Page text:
Your First Spiritual Counseling Client


Spiritual counseling requires a level of self-awareness and self-honesty that is a step above what is expected in standard counseling training. So, your very first client is YOU! Counselor, heal thyself—or at least get the help you need to begin the healing process. It is a dirty little secret in our profession that many of its practitioners are pretty screwed up themselves. Of course, it is part of the human condition, so it’s not terribly unusual and no one expects perfection in our own lives. However, we have a special responsibility as role models for healing and change to ensure that we have done our own work, and that we would not ask our clients to do something that we have not already done or would not be willing to do ourselves. We must be authentic and genuine. This is not just an excellent therapeutic principle, but a foundational spiritual principle. If we are to be holistic spiritual counselors, we must act spiritually in our personal and professional lives. Otherwise, we are hypocrites.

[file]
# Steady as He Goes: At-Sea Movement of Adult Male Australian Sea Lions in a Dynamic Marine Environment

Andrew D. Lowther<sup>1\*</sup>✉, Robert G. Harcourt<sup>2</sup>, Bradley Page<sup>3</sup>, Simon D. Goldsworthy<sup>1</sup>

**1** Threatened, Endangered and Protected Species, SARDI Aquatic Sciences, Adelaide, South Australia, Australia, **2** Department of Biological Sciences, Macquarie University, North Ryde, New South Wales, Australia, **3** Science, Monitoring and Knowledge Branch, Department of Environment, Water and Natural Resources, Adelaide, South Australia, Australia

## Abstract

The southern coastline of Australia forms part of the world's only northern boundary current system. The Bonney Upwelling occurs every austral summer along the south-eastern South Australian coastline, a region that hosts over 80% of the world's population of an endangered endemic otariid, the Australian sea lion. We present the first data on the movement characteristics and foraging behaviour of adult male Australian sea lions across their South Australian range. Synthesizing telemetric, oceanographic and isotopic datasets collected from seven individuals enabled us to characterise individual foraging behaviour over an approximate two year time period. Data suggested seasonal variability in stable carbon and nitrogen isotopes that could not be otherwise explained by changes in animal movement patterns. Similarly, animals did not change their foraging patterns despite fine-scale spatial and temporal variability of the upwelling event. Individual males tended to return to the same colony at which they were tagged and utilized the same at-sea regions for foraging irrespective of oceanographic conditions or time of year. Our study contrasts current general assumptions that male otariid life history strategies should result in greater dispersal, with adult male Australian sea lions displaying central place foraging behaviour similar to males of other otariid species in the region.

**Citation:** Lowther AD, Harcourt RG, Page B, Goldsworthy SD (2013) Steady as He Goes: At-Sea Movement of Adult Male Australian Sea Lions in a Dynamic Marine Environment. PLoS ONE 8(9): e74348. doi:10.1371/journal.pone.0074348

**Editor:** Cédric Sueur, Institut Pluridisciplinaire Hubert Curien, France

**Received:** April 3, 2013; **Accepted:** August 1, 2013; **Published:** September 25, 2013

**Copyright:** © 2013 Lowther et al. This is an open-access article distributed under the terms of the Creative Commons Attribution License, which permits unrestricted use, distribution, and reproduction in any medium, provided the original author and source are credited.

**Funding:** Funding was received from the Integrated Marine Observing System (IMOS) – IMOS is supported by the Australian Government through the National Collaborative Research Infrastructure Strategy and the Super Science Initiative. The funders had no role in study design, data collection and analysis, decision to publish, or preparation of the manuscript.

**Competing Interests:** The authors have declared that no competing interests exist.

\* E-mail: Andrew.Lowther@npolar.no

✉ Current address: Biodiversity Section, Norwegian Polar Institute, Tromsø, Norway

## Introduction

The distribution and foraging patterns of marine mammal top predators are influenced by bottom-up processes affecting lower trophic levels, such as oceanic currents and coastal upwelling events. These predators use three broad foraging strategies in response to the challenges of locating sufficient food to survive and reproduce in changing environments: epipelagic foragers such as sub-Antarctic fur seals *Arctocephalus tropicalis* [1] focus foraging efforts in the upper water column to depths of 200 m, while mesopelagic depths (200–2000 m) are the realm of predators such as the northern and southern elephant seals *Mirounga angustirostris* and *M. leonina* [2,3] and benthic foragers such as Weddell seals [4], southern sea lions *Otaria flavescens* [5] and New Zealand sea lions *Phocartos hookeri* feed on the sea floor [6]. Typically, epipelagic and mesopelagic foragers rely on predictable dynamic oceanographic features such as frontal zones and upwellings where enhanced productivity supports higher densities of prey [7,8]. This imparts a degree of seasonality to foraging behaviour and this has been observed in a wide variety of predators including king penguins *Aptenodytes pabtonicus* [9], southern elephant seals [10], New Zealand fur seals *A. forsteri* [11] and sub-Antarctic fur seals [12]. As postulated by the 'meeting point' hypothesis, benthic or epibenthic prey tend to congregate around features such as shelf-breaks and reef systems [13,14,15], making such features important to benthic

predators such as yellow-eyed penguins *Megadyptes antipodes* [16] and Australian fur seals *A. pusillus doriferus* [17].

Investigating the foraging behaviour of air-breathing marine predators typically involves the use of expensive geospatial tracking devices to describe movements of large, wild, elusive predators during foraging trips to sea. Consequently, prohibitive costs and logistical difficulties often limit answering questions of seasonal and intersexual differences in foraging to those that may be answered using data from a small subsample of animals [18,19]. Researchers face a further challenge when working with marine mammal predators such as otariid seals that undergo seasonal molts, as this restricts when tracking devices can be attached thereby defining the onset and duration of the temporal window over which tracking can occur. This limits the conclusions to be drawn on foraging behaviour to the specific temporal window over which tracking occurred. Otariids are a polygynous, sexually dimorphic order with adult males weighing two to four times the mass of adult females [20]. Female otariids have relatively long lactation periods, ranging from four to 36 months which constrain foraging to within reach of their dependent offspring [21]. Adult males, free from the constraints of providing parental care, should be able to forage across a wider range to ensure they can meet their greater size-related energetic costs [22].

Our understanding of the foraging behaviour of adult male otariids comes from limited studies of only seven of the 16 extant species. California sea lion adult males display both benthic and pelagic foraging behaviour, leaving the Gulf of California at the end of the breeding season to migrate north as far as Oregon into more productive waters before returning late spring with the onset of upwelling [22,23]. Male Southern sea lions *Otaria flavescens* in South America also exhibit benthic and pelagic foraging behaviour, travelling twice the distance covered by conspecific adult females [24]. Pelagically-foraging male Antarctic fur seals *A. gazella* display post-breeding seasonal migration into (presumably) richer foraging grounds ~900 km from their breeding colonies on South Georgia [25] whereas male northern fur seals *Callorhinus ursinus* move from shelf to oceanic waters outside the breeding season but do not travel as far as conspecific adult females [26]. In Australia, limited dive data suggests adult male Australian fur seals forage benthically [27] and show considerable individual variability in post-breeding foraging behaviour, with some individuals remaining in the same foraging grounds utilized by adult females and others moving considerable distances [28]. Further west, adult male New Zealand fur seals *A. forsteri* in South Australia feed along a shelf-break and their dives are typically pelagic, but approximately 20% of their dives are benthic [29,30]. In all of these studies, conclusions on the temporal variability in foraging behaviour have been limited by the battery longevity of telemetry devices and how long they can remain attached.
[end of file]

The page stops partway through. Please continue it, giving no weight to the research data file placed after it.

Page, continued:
Spiritual counseling requires that your energy be of a higher love and helping vibration, or it is ineffective. Spiritual counseling is all about vibration and spirit flowing and speaking through you. Unresolved issues act like static—and they make it difficult for spirit to break through. Here are some points to consider: